We concluded that the potential value of cooperation is only achieved where auditors communicate with each other, share intelligence and importantly use that intelligence to inform and refine their own activities. Therefore, what can organisations do to facilitate coordination?

Within their respective strategies both external and internal audit should clearly identify assurances upon which they potentially intend to rely; along with reasoning, extent and intended approach to cooperation.

The majority of assurance is still delivered by and managed by individuals; therefore, regular and structured dialogue between the parties is important to initiate, build, maintain and maximise the benefit of professional relationships. Those relationships should respect the roles, responsibilities, skills and knowledge of each party.

Effective cooperation is underpinned by:


Executive and Board should actively encourage and support cooperation, trust and mutual respect. The Audit Committee should be suitably constituted and engaged in organisational risk management; adopting a Board Assurance Framework approach to risk management, the Committee, should be seeking assurance over risks within the strategic risk register, these assurances, their frequency and outputs should be clearly known.

This structured approach to assurance over core strategic risks is a valuable tool to assurance providers to understand the framework of assurances in place, the first step in identifying potential assurances upon which they may be able to rely and therefore the relationships which should be sought.


If you are to place reliance upon the work of others, you must have confidence in their work. This will be based on recognition of the qualifications, skills, knowledge, professional standards and diligence with which that work is performed.  

With respect to external audit this confidence must be supported by the due diligence necessary under ISA 610 and for internal audit enough to assure the Chief Internal Auditor (CIA) over competencies to comply with IPPF 2050.

There also needs to be confidence that information is openly exchanged, suitably retained and protected by all parties.

Recipients must have confidence in the openness of all communications; if there are any concerns over the transparency of those communications then this is likely to significantly reduce reliance.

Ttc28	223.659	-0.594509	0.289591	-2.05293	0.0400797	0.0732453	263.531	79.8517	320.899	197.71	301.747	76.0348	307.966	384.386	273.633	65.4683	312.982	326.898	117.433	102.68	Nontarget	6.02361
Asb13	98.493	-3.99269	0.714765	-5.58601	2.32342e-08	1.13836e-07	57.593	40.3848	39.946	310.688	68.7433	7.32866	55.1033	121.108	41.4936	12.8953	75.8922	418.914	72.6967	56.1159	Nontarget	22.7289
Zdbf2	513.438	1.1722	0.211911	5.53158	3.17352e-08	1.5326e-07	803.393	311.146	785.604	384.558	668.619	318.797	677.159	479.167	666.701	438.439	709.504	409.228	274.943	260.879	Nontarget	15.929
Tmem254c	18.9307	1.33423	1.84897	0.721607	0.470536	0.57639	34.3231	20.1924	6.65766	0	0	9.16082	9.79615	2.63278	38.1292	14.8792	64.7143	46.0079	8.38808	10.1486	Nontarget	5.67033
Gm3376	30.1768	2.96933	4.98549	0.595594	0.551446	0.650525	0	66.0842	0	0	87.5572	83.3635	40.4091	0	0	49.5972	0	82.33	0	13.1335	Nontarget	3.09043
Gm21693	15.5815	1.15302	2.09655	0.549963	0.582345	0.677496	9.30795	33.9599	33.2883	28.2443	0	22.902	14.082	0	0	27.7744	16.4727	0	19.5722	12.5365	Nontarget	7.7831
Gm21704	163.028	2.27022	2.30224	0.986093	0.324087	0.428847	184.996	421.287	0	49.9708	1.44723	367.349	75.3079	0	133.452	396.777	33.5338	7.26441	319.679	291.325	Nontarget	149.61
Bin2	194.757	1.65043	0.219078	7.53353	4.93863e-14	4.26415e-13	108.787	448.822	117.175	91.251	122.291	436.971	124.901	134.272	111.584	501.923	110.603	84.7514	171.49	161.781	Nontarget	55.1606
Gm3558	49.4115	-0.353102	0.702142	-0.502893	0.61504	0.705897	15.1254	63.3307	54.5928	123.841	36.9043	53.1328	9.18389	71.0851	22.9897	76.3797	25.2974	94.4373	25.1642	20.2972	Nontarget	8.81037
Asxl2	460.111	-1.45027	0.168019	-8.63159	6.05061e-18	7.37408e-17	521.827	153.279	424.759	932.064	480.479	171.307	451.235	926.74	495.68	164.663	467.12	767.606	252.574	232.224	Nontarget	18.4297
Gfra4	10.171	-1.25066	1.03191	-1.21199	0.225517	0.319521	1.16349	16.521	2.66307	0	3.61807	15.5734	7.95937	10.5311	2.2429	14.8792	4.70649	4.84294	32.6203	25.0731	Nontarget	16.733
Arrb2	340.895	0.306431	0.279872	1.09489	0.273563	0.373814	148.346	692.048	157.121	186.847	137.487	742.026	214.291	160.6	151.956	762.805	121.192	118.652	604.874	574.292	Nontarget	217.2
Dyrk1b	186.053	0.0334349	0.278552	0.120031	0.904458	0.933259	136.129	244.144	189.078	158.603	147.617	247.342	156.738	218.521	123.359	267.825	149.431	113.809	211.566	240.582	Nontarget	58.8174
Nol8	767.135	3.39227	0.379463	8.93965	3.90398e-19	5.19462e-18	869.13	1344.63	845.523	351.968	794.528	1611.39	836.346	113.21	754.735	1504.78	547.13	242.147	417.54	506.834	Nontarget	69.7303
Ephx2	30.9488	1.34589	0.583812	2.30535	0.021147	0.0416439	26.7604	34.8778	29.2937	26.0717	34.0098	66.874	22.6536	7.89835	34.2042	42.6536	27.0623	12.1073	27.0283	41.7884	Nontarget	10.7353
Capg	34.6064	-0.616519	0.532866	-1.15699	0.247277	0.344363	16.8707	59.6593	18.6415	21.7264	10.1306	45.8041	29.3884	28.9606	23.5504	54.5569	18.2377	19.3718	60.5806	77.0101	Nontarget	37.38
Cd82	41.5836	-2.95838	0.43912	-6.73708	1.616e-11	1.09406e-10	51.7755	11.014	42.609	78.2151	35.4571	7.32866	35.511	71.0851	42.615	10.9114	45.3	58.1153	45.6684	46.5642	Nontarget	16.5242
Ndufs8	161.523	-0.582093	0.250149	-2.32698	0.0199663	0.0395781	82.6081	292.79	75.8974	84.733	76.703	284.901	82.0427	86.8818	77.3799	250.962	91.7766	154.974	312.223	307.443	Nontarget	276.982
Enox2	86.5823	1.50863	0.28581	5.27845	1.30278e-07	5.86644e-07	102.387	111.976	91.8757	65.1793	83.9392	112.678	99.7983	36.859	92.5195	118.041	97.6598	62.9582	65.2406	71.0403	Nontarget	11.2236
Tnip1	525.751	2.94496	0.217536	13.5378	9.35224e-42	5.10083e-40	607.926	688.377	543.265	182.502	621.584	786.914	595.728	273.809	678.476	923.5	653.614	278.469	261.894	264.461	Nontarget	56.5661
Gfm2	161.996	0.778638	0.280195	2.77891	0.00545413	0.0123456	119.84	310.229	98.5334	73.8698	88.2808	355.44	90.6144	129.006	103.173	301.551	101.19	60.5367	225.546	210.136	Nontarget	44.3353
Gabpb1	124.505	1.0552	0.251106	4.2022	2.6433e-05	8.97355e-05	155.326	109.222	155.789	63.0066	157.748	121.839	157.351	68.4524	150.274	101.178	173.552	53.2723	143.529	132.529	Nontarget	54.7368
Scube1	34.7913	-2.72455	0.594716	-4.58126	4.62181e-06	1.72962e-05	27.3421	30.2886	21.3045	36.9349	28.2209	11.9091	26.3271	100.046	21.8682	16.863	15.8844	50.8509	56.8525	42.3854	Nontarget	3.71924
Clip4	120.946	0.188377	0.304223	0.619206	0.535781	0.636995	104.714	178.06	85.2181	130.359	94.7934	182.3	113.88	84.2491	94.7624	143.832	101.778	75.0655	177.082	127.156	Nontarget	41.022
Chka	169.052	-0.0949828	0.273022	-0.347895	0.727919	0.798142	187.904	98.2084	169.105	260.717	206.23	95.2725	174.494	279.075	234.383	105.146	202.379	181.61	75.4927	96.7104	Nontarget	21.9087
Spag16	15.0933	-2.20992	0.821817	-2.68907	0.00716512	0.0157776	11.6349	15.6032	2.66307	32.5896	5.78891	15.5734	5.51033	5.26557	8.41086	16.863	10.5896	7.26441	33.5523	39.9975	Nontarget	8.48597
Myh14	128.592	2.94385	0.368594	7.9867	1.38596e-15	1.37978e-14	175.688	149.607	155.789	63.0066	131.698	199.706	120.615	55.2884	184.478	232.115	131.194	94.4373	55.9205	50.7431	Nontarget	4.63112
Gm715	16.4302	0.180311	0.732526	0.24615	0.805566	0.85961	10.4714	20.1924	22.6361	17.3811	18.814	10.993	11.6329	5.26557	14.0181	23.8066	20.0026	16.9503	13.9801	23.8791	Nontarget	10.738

This openness must be approved and supported by Audit Committee; if there are any concerns over the authority to freely exchange information, this should be discussed and clarified with Executive and Audit Committee. Ideally, procedures to facilitate effective cooperation should be agreed by parties, documented, and approved by the Audit Committee; with respect to internal audit this should be captured in suitable detail within the Internal Audit Manual (IAM) and Internal Audit Charter.


At its simplest level coordination can be achieved through the review of outputs. However, this is not enough for many to achieve any real benefit. For example, in the case of external audit, they cannot place any reliance upon the work of the internal auditor simply upon the review of reports and must meet the due diligence expectations of ISA 610.  

This clearly requires a commitment and willingness from both parties; supported by a positive attitude and professional respect.


Where significant reliance is placed on the work of other assurance providers regular consultation between the parties will provide the basis for identifying, refining and exploiting opportunities for reliance or beneficial cooperation. Again, at its simplest level reviewing outputs, may throw up questions in one’s mind where clarity will only be brought about by consulting on the issue or finding.


Regular and open communication between assurance providers is essential to the success of cooperation; these communications will be both formal and informal. 

Formal communication will include attendance at Audit Committee, planning meetings or catch up meetings. These structured discussions will be directly related to the organisation; particularly considering planning for cooperation, reliance, timing, and sharing of outcomes and other information.

There should also be a willingness to communicate less formally when issues arise which are of a mutual interest. Informal ad-hoc communications as and when issues of mutual interest relating to the organisation arise, or through conversations when paths cross as part of their wider professional roles.